Intramedullary Nailing of Tibial Diaphyseal Fracture

What is Intramedullary Nailing of Tibial Diaphyseal Fracture

Intramedullary (IM) nailing of tibial diaphyseal fracture is a procedure in which a metal rod or wire (nail) is placed inside a bone in the lower leg (tibia). The nail holds the broken (fractured) bone in place while it heals.

After this procedure, you will not need a cast, and you may be able to put some weight on your leg right away (partial weight-bearing). The bone may take up to 4–6 months to heal.

This procedure is usually done when a large force, such as from a car or sports accident, has fractured the tibia. Often, the other bone in the lower leg (fibula) is also fractured at the same time as the tibia.

Tell a health care provider about:

  • Any allergies you have.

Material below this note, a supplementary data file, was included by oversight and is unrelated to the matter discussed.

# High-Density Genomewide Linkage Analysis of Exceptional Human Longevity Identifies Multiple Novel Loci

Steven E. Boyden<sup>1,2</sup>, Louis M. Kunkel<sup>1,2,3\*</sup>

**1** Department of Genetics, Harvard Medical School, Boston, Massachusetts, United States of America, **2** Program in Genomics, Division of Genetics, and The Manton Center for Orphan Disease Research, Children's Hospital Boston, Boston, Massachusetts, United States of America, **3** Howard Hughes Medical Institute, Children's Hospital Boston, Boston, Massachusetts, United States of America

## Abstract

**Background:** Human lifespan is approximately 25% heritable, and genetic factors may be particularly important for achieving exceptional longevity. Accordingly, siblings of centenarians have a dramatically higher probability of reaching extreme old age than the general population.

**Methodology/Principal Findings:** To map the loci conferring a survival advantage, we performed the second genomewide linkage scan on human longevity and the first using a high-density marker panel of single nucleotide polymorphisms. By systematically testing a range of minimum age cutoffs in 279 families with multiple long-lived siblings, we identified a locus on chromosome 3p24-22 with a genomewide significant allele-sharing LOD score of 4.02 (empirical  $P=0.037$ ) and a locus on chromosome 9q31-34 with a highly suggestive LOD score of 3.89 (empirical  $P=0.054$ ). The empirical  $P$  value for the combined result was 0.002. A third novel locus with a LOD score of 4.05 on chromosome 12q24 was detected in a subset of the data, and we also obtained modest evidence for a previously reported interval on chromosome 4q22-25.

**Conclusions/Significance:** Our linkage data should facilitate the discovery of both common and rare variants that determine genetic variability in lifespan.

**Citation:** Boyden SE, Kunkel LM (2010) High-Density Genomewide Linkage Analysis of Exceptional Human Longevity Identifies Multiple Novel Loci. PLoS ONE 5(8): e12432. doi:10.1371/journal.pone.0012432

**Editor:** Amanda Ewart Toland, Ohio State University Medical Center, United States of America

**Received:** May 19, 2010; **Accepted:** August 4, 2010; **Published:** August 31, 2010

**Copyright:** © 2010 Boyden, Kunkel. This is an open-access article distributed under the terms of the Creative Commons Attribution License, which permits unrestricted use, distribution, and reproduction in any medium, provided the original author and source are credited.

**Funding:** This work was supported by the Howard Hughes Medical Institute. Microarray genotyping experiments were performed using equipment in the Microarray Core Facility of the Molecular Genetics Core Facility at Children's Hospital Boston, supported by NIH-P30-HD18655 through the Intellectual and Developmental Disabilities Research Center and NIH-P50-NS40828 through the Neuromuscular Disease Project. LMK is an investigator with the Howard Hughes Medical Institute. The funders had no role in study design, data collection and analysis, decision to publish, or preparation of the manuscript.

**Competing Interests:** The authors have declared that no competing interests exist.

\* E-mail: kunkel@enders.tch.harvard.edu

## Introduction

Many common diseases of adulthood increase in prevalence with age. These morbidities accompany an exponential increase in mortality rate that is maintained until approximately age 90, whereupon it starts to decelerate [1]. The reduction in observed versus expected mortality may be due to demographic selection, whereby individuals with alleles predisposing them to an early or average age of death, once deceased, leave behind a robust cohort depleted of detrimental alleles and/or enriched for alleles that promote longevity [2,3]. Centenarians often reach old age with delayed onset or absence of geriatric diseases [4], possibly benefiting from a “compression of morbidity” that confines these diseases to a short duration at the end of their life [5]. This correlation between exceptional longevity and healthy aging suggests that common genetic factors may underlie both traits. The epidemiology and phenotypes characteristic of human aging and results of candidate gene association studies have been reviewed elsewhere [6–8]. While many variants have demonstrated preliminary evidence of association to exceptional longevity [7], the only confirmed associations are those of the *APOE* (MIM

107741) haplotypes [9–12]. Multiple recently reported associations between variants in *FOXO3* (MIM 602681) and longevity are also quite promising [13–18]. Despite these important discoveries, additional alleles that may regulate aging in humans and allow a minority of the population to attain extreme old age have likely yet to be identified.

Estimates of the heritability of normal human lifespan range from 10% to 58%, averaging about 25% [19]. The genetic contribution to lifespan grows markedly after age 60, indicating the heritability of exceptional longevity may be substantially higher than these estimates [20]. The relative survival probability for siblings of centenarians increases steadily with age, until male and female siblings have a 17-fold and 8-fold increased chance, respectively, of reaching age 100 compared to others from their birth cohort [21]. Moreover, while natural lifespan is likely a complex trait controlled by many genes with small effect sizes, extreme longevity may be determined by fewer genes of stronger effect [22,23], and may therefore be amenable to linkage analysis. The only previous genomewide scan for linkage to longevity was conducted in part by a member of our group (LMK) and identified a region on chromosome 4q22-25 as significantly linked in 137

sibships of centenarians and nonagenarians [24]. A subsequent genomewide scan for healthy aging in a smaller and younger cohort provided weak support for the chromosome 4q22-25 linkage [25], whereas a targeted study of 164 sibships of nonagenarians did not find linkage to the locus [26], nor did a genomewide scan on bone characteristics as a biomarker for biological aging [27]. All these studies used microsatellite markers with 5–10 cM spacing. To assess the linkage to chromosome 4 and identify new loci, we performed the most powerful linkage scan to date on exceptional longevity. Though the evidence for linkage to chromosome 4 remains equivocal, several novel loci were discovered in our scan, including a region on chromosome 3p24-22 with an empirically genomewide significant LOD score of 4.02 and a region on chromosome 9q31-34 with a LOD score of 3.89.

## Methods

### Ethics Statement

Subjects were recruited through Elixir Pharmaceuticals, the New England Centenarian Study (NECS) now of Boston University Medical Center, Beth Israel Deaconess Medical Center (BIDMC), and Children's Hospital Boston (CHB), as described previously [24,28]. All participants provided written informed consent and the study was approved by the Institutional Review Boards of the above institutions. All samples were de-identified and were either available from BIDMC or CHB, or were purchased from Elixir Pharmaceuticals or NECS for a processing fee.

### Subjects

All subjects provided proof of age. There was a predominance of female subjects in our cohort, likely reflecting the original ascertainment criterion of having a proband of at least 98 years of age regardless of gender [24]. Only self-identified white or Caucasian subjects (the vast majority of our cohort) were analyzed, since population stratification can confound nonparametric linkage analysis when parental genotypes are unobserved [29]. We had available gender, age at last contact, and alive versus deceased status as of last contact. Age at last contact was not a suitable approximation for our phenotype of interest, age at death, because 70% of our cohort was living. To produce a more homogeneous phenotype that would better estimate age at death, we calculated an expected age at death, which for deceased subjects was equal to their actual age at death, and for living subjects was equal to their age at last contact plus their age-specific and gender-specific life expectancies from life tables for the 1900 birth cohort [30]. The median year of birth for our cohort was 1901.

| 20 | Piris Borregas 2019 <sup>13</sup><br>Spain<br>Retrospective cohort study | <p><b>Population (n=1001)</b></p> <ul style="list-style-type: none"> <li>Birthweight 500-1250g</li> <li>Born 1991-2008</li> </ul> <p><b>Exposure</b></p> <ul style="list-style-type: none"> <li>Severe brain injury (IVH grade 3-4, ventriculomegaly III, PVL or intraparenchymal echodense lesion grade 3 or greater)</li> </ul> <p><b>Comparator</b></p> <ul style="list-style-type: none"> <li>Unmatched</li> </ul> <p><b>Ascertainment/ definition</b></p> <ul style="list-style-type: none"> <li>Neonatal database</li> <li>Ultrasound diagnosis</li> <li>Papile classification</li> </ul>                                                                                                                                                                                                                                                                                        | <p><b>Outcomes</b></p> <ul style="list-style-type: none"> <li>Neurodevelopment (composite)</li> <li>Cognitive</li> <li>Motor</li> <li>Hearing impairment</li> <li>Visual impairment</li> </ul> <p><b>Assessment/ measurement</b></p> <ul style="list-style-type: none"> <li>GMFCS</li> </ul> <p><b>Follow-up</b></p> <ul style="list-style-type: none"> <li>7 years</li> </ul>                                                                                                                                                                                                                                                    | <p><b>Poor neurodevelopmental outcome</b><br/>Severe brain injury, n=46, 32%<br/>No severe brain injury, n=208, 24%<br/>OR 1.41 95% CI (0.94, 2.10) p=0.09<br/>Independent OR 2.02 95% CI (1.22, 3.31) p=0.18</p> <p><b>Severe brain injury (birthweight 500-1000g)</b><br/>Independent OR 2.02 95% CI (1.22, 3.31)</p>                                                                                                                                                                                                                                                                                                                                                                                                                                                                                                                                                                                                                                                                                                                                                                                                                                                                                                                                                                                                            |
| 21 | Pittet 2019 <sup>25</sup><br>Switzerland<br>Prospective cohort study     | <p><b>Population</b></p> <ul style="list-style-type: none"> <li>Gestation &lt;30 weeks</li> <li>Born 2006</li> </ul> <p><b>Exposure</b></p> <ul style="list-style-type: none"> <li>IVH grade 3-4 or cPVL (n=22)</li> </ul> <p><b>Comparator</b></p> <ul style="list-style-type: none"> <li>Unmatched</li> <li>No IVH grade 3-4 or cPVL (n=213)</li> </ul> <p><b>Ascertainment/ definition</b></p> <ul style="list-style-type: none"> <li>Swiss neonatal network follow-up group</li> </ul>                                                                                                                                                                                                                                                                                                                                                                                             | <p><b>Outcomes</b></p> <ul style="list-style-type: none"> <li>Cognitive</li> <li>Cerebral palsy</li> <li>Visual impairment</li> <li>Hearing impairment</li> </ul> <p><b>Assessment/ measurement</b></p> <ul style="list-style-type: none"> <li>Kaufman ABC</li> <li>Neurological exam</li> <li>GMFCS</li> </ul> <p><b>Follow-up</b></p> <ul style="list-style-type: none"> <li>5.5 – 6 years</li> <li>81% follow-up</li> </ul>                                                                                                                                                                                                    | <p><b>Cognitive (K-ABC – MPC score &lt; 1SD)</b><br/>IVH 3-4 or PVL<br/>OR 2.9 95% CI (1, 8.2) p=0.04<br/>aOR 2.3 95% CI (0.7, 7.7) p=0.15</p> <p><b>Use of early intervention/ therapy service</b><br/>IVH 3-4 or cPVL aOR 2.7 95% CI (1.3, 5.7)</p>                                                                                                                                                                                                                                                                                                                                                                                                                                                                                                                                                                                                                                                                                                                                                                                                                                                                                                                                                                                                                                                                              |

• All medicines you are taking, including vitamins, herbs, eye drops, creams, and over-the-counter medicines.
  • Any problems you or family members have had with anesthetic medicines.
  • Any blood disorders you have.
  • Any surgeries you have had.
  • Any medical conditions you have.
  • Whether you are pregnant or may be pregnant.

What are the risks?

  • Infection.
  • Allergic reaction to medicines.
  • Damage to other structures or organs, such as nerves or blood vessels.
  • Blood clot.
  • Scarring.
  • Failure of the bone to heal properly (nonunion).
  • Needing another procedure to remove the IM nail if it causes pain.
  • Severe swelling and pain in the injured leg (compartment syndrome).

What happens before the procedure?

Staying hydrated

Follow instructions from your health care provider about hydration, which may include: